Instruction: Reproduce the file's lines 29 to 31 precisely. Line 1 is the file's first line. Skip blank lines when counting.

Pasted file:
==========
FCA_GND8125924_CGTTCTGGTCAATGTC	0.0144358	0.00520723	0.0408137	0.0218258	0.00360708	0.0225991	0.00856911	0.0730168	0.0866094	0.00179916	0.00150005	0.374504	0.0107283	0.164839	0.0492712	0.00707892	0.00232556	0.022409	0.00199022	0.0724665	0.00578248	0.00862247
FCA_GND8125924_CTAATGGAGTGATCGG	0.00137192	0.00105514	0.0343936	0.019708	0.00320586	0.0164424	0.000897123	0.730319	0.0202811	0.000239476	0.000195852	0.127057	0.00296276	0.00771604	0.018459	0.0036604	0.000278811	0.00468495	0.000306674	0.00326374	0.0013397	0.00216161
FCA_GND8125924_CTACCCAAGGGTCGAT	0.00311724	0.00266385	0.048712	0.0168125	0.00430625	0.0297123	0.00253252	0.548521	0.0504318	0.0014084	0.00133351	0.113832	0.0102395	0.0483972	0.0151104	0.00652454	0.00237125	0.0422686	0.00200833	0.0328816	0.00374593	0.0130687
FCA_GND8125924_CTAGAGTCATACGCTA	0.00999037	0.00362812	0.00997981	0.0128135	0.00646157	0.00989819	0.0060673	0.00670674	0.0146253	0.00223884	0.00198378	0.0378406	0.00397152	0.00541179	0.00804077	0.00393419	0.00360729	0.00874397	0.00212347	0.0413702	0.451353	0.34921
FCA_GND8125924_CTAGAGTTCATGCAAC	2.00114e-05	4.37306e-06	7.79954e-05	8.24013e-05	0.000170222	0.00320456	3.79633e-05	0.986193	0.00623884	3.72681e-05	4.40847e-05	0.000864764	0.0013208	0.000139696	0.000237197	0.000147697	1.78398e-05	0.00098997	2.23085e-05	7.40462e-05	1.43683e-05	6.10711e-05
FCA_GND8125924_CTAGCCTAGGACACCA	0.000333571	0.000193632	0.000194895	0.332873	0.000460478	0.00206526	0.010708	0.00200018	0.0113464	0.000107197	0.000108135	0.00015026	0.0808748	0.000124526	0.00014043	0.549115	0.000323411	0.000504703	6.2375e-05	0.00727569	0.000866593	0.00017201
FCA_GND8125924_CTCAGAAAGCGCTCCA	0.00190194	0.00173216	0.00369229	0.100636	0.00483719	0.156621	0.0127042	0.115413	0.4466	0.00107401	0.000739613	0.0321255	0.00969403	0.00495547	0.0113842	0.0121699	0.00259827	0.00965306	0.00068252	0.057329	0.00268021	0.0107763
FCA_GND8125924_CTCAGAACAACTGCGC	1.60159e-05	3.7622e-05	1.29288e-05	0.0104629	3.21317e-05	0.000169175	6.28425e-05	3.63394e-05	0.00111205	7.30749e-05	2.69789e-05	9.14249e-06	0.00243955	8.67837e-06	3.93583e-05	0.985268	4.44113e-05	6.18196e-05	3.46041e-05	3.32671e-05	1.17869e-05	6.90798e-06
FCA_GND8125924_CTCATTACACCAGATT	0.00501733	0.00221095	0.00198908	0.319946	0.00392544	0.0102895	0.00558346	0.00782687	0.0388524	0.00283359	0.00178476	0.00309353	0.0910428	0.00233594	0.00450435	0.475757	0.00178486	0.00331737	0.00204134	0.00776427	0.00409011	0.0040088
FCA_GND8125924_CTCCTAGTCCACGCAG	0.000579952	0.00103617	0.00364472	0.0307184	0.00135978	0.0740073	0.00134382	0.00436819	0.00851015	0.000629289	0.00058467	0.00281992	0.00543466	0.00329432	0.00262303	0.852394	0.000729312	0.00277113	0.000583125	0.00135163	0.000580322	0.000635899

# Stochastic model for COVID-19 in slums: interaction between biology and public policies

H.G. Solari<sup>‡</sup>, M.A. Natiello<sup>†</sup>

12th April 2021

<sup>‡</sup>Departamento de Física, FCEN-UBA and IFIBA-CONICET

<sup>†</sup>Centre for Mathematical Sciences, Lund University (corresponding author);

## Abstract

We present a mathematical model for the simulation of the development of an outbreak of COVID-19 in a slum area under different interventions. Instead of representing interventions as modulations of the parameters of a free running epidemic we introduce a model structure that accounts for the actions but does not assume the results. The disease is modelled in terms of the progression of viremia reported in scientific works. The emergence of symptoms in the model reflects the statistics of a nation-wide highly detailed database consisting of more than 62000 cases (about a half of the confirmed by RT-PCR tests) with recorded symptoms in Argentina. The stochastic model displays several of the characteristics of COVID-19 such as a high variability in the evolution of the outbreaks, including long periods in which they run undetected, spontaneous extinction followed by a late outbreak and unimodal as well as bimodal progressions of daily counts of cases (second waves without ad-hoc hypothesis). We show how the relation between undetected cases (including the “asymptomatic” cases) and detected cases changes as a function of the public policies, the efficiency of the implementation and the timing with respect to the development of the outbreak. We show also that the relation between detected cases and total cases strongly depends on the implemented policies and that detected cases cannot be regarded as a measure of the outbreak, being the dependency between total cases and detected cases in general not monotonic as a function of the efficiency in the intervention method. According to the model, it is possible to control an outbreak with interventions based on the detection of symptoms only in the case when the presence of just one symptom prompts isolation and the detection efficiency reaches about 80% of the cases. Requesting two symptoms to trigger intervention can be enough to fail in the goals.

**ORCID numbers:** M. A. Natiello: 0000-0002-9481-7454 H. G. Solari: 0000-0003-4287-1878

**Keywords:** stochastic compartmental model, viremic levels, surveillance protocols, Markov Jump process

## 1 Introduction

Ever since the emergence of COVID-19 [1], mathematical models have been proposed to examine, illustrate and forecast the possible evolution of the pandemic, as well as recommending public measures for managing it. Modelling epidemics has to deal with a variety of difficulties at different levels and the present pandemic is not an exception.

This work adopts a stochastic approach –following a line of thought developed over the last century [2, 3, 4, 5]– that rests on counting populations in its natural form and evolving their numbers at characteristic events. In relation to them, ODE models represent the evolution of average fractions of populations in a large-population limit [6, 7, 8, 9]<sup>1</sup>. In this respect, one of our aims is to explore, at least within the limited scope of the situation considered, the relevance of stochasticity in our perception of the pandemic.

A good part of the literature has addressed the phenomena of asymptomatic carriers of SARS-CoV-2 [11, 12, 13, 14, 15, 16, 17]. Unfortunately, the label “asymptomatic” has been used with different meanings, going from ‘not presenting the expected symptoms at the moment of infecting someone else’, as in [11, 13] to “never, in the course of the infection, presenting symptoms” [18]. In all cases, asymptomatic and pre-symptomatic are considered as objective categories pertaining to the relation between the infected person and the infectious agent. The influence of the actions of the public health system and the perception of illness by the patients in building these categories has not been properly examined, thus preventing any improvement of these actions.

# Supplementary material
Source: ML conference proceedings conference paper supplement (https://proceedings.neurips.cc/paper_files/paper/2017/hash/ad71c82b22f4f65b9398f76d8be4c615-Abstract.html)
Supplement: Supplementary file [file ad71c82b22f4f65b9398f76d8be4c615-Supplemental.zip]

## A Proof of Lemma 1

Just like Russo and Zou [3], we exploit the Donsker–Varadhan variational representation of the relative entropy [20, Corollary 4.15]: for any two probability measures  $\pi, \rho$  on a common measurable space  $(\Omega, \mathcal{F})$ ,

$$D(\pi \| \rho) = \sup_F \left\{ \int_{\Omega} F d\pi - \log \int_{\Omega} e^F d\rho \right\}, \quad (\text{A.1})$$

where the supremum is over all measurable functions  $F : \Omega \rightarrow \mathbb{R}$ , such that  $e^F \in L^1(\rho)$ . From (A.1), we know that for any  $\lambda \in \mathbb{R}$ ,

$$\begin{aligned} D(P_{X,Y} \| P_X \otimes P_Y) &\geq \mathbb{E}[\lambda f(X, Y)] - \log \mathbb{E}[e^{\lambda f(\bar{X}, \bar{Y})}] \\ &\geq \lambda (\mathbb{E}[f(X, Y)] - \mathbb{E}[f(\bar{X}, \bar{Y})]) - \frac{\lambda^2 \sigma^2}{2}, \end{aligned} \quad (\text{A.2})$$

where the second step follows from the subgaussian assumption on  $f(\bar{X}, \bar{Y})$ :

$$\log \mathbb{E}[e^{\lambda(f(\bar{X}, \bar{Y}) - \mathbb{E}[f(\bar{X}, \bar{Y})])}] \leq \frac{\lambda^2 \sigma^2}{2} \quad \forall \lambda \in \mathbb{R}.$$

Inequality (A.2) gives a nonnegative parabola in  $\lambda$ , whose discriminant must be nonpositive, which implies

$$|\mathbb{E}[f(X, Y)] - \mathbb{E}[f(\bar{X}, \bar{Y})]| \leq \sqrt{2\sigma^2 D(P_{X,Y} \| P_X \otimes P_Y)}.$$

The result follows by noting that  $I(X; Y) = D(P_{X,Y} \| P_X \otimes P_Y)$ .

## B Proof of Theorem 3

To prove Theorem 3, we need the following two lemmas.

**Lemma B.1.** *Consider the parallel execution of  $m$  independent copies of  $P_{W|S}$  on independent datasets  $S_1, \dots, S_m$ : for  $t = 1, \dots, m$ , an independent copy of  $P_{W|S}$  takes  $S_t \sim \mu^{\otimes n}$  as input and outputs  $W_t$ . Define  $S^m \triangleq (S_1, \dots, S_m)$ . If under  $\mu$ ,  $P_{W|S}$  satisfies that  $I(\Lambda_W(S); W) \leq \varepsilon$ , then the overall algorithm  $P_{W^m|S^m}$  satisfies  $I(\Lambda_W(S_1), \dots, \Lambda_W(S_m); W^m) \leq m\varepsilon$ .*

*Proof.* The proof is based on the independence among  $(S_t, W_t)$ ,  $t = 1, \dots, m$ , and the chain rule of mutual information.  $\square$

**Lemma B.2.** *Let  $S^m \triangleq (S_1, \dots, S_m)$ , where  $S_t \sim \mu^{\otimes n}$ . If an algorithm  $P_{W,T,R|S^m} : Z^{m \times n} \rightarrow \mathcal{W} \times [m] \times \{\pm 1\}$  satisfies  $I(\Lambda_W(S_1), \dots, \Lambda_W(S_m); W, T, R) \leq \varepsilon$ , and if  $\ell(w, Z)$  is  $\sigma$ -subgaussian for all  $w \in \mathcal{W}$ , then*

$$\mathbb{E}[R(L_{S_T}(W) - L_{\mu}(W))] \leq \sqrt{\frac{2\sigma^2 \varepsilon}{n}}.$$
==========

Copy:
$$D(\pi \| \rho) = \sup_F \left\{ \int_{\Omega} F d\pi - \log \int_{\Omega} e^F d\rho \right\}, \quad (\text{A.1})$$

where the supremum is over all measurable functions  $F : \Omega \rightarrow \mathbb{R}$ , such that  $e^F \in L^1(\rho)$ . From (A.1), we know that for any  $\lambda \in \mathbb{R}$ ,

$$\begin{aligned} D(P_{X,Y} \| P_X \otimes P_Y) &\geq \mathbb{E}[\lambda f(X, Y)] - \log \mathbb{E}[e^{\lambda f(\bar{X}, \bar{Y})}] \\ &\geq \lambda (\mathbb{E}[f(X, Y)] - \mathbb{E}[f(\bar{X}, \bar{Y})]) - \frac{\lambda^2 \sigma^2}{2}, \end{aligned} \quad (\text{A.2})$$